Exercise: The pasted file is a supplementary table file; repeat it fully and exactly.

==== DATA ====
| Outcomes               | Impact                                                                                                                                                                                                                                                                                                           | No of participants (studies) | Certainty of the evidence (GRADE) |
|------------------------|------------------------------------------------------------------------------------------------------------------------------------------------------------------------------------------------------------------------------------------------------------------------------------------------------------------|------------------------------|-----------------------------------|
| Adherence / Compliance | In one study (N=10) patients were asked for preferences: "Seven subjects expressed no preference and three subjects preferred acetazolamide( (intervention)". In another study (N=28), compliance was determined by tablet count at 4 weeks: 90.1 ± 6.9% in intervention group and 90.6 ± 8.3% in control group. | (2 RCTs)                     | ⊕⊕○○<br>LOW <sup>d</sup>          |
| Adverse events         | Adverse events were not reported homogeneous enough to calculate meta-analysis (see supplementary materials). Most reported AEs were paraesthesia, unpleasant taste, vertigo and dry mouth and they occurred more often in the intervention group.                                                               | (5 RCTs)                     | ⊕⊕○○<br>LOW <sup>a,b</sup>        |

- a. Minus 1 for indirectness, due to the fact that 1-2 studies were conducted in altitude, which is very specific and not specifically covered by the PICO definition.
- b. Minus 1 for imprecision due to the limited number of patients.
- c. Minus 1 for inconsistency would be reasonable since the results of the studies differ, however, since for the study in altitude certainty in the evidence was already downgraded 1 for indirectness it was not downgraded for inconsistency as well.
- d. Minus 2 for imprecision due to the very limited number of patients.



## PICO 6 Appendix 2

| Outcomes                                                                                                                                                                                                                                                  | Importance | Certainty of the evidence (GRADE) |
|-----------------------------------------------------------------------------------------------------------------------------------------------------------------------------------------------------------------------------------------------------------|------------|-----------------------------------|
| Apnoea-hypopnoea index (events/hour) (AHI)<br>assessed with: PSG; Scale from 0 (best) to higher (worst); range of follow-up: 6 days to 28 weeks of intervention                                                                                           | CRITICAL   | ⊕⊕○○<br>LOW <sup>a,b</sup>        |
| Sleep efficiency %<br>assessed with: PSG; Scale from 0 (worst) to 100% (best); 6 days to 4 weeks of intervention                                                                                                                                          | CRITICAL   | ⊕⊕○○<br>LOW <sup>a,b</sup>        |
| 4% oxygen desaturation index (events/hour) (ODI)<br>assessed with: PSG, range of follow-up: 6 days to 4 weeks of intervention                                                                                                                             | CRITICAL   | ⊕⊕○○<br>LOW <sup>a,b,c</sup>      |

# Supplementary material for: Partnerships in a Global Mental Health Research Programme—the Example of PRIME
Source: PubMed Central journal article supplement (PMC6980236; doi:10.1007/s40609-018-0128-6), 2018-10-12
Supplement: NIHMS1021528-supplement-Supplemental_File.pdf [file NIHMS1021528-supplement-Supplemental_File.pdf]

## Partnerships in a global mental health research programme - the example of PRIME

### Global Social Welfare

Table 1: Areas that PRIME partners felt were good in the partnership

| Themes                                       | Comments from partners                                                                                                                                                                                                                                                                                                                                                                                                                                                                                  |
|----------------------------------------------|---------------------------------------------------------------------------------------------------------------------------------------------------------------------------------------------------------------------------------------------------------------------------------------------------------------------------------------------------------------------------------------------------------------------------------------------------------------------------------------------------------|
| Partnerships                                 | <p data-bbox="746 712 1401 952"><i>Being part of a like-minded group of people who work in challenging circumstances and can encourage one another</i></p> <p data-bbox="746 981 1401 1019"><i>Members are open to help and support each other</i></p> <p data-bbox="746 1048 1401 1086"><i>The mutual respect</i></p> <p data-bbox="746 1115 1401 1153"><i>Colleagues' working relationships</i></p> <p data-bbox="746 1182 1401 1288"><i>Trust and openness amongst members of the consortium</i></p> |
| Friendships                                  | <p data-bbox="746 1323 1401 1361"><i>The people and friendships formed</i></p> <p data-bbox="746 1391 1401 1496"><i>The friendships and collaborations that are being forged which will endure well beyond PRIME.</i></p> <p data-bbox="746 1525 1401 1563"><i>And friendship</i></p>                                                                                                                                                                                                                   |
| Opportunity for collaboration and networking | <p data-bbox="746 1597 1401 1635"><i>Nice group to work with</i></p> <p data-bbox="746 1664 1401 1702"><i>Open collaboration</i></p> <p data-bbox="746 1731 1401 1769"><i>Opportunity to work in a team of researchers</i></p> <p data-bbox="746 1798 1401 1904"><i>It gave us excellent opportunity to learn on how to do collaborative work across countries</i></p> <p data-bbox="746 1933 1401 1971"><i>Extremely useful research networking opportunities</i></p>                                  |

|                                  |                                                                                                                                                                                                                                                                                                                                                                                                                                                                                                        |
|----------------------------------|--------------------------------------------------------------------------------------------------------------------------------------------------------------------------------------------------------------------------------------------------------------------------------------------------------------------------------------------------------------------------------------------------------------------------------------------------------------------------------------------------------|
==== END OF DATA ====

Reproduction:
| Outcomes               | Impact                                                                                                                                                                                                                                                                                                           | No of participants (studies) | Certainty of the evidence (GRADE) |
|------------------------|------------------------------------------------------------------------------------------------------------------------------------------------------------------------------------------------------------------------------------------------------------------------------------------------------------------|------------------------------|-----------------------------------|
| Adherence / Compliance | In one study (N=10) patients were asked for preferences: "Seven subjects expressed no preference and three subjects preferred acetazolamide( (intervention)". In another study (N=28), compliance was determined by tablet count at 4 weeks: 90.1 ± 6.9% in intervention group and 90.6 ± 8.3% in control group. | (2 RCTs)                     | ⊕⊕○○<br>LOW <sup>d</sup>          |
| Adverse events         | Adverse events were not reported homogeneous enough to calculate meta-analysis (see supplementary materials). Most reported AEs were paraesthesia, unpleasant taste, vertigo and dry mouth and they occurred more often in the intervention group.                                                               | (5 RCTs)                     | ⊕⊕○○<br>LOW <sup>a,b</sup>        |

- a. Minus 1 for indirectness, due to the fact that 1-2 studies were conducted in altitude, which is very specific and not specifically covered by the PICO definition.
- b. Minus 1 for imprecision due to the limited number of patients.
- c. Minus 1 for inconsistency would be reasonable since the results of the studies differ, however, since for the study in altitude certainty in the evidence was already downgraded 1 for indirectness it was not downgraded for inconsistency as well.
- d. Minus 2 for imprecision due to the very limited number of patients.



## PICO 6 Appendix 2

| Outcomes                                                                                                                                                                                                                                                  | Importance | Certainty of the evidence (GRADE) |
|-----------------------------------------------------------------------------------------------------------------------------------------------------------------------------------------------------------------------------------------------------------|------------|-----------------------------------|
| Apnoea-hypopnoea index (events/hour) (AHI)<br>assessed with: PSG; Scale from 0 (best) to higher (worst); range of follow-up: 6 days to 28 weeks of intervention                                                                                           | CRITICAL   | ⊕⊕○○<br>LOW <sup>a,b</sup>        |
| Sleep efficiency %<br>assessed with: PSG; Scale from 0 (worst) to 100% (best); 6 days to 4 weeks of intervention                                                                                                                                          | CRITICAL   | ⊕⊕○○<br>LOW <sup>a,b</sup>        |
| 4% oxygen desaturation index (events/hour) (ODI)<br>assessed with: PSG, range of follow-up: 6 days to 4 weeks of intervention                                                                                                                             | CRITICAL   | ⊕⊕○○<br>LOW <sup>a,b,c</sup>      |

# Supplementary material for: Partnerships in a Global Mental Health Research Programme—the Example of PRIME
Source: PubMed Central journal article supplement (PMC6980236; doi:10.1007/s40609-018-0128-6), 2018-10-12
Supplement: NIHMS1021528-supplement-Supplemental_File.pdf [file NIHMS1021528-supplement-Supplemental_File.pdf]

## Partnerships in a global mental health research programme - the example of PRIME

### Global Social Welfare

Table 1: Areas that PRIME partners felt were good in the partnership

| Themes                                       | Comments from partners                                                                                                                                                                                                                                                                                                                                                                                                                                                                                  |
|----------------------------------------------|---------------------------------------------------------------------------------------------------------------------------------------------------------------------------------------------------------------------------------------------------------------------------------------------------------------------------------------------------------------------------------------------------------------------------------------------------------------------------------------------------------|
| Partnerships                                 | <p data-bbox="746 712 1401 952"><i>Being part of a like-minded group of people who work in challenging circumstances and can encourage one another</i></p> <p data-bbox="746 981 1401 1019"><i>Members are open to help and support each other</i></p> <p data-bbox="746 1048 1401 1086"><i>The mutual respect</i></p> <p data-bbox="746 1115 1401 1153"><i>Colleagues' working relationships</i></p> <p data-bbox="746 1182 1401 1288"><i>Trust and openness amongst members of the consortium</i></p> |
| Friendships                                  | <p data-bbox="746 1323 1401 1361"><i>The people and friendships formed</i></p> <p data-bbox="746 1391 1401 1496"><i>The friendships and collaborations that are being forged which will endure well beyond PRIME.</i></p> <p data-bbox="746 1525 1401 1563"><i>And friendship</i></p>                                                                                                                                                                                                                   |
| Opportunity for collaboration and networking | <p data-bbox="746 1597 1401 1635"><i>Nice group to work with</i></p> <p data-bbox="746 1664 1401 1702"><i>Open collaboration</i></p> <p data-bbox="746 1731 1401 1769"><i>Opportunity to work in a team of researchers</i></p> <p data-bbox="746 1798 1401 1904"><i>It gave us excellent opportunity to learn on how to do collaborative work across countries</i></p> <p data-bbox="746 1933 1401 1971"><i>Extremely useful research networking opportunities</i></p>                                  |

|                                  |                                                                                                                                                                                                                                                                                                                                                                                                                                                                                                        |
|----------------------------------|--------------------------------------------------------------------------------------------------------------------------------------------------------------------------------------------------------------------------------------------------------------------------------------------------------------------------------------------------------------------------------------------------------------------------------------------------------------------------------------------------------|